U.S. Will Run $1.1 Trillion Deficit, CBO Says
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Jan. 31 (Bloomberg) -- The U.S. budget deficit will shrink this year to $1.1 trillion, the Congressional Budget Office said today in a report sure to inflame the election-year debate over the government shortfall.
The deficit, which would be down from last year’s $1.3 trillion, will fall because of strengthening tax revenue and a slowdown in government spending, the nonpartisan agency said.
Outlays this year will climb by 0.1 percent, or $3 billion, it said, while tax revenue will be up by 10 percent. It would be the fourth consecutive year the government runs a trillion- dollar deficit.
The report is a reminder of the stakes in the presidential and congressional elections because it shows future deficits will vary depending on budget decisions lawmakers are unlikely to make until after the November vote.
“How much and how quickly the deficit declines will depend in part on how well the economy does over the next few years,” the report said. “Probably more critical, though, will be the fiscal policy choices made by lawmakers as they face the substantial changes to tax and spending policies that are slated to take effect within the next year.”
Income-tax cuts first enacted during George W. Bush’s presidency are scheduled to expire at the end of this year, while $1 trillion in automatic spending cuts will begin taking effect in January 2013 if Congress doesn’t intervene.
8.9 Percent Unemployment
In addition, a payroll-tax break and expanded unemployment benefits are scheduled to expire at the end of February. The deficit would be higher if lawmakers extended those measures without covering the full cost with savings elsewhere.
The CBO said the economy will expand this year by 2 percent while the unemployment rate will probably climb to 8.9 percent from the current 8.5 percent.
Lawmakers traded blame over the deficit.
“This report from the Congressional Budget Office serves as a harsh indictment of President Obama’s failed policies,” House Budget Committee Chairman Paul Ryan, a Wisconsin Republican, said in a statement. The Republican-controlled House has “fought to put the brakes on the president’s spending spree and continues to advance pro-growth solutions.”
Senate Budget Committee Chairman Kent Conrad said President Barack Obama “called for a balanced approach to reducing the debt with both spending cuts and new revenue.” Conrad added, “Republicans must be willing to put revenue on the table and accept a tax code where everyone, including the wealthiest, pay their fair share.”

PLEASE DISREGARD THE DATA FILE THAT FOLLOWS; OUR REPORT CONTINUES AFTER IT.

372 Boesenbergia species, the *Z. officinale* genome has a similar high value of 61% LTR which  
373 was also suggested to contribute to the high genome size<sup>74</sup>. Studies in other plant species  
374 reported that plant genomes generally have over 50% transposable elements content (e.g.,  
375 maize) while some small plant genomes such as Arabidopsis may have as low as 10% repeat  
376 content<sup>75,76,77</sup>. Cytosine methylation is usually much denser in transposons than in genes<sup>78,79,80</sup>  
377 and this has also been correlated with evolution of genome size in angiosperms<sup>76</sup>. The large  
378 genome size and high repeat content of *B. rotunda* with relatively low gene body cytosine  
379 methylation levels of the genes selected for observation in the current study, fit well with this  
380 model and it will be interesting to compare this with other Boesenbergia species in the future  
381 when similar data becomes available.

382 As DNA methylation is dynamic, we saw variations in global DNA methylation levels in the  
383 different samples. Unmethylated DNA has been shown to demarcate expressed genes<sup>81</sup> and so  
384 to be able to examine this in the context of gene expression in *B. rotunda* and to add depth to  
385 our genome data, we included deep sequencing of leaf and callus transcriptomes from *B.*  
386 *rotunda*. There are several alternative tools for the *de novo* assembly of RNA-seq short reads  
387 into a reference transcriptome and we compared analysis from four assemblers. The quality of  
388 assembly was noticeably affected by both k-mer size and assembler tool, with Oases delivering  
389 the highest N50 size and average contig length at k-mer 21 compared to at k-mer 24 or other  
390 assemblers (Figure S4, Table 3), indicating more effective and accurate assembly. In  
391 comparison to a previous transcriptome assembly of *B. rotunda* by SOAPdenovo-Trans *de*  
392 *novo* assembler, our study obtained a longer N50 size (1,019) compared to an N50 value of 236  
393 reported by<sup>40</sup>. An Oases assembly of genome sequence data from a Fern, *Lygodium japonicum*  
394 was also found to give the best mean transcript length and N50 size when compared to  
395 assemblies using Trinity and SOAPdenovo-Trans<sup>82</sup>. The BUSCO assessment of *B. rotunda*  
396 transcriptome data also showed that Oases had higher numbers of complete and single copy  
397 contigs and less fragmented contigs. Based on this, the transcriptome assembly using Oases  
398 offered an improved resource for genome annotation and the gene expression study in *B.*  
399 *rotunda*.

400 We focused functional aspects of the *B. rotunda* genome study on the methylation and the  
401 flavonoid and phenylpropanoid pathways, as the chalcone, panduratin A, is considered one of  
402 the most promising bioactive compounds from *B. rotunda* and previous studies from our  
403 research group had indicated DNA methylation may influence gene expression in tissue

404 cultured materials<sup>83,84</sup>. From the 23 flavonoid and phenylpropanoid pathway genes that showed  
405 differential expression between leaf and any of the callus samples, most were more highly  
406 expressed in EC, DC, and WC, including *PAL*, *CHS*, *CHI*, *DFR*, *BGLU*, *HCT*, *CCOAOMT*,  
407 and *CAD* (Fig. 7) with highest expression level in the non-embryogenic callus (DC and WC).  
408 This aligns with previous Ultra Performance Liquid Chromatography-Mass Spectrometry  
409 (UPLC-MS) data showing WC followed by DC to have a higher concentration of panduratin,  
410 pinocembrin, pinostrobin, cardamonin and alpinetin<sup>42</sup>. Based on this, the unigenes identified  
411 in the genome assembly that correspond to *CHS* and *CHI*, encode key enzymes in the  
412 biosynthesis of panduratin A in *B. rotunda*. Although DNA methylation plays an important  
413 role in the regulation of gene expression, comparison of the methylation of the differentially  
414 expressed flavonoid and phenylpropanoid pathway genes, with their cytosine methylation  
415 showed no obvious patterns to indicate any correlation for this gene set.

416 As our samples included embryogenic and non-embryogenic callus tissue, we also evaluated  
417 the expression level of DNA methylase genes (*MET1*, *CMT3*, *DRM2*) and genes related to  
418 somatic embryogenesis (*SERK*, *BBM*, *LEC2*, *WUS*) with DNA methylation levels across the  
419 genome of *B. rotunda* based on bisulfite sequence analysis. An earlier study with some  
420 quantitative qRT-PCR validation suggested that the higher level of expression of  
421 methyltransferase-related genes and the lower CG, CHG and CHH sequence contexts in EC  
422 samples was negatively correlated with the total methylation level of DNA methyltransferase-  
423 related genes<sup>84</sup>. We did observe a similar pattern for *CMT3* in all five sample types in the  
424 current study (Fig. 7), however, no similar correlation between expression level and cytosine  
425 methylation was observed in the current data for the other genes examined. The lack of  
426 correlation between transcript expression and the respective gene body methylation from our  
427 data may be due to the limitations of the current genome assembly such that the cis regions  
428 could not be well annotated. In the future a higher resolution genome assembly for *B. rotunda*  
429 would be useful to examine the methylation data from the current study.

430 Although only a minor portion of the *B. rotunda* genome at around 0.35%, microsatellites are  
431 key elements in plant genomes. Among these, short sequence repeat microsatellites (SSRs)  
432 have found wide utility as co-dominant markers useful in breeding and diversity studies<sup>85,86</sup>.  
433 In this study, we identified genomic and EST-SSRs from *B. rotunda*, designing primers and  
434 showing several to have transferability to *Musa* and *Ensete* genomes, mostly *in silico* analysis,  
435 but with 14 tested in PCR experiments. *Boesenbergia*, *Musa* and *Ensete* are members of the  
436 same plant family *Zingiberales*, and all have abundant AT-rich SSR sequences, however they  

Obama is scheduled to release his latest budget request to Congress on Feb. 13.
If lawmakers permanently extend the Bush-era tax cuts, abandon the automatic spending cuts and continue to protect doctors from scheduled cuts in Medicare payments, the CBO said, the deficit will total at least $900 billion annually for the foreseeable future.
The deficit would reach $1.5 trillion by 2022, CBO estimated, and the debt would reach levels unseen since the government was paying off its World War II expenses.
If policymakers instead decide to allow all of the scheduled tax increases and spending cuts to take effect, CBO said, the deficit would shrink to $200 billion by 2018. The agency said that would be a blow to the economy that would drive the jobless rate up to 9.2 percent by the fourth quarter of next year.
Three government trust funds, meanwhile, are projected to run dry in coming years, the CBO said. A highway trust fund financing road construction projects will run out sometime next year. The Social Security disability program’s trust fund will be exhausted in 2016. Six years later, a Medicare trust fund that makes payments to hospitals will be also exhausted, CBO said.
This year’s spending slowdown, partly the result of a budget agreement reached last year, contrasts with recent years. Spending grew by 4 percent in 2011, and in the decade before that expenditures grew by an average 7 percent annually, the CBO said.
Defense and non-defense discretionary spending will both fall this year by 3 percent, the report said. So-called mandatory spending on entitlement programs will grow by 2 percent, in part because of cost-of-living adjustments provided to Social Security beneficiaries.
The projected cost of the government’s bailout of the financial industry, known as TARP, is also likely to climb, CBO said. That’s because investments the Treasury Department still holds in General Motors Co. and insurer American International Group Inc. have declined in market value.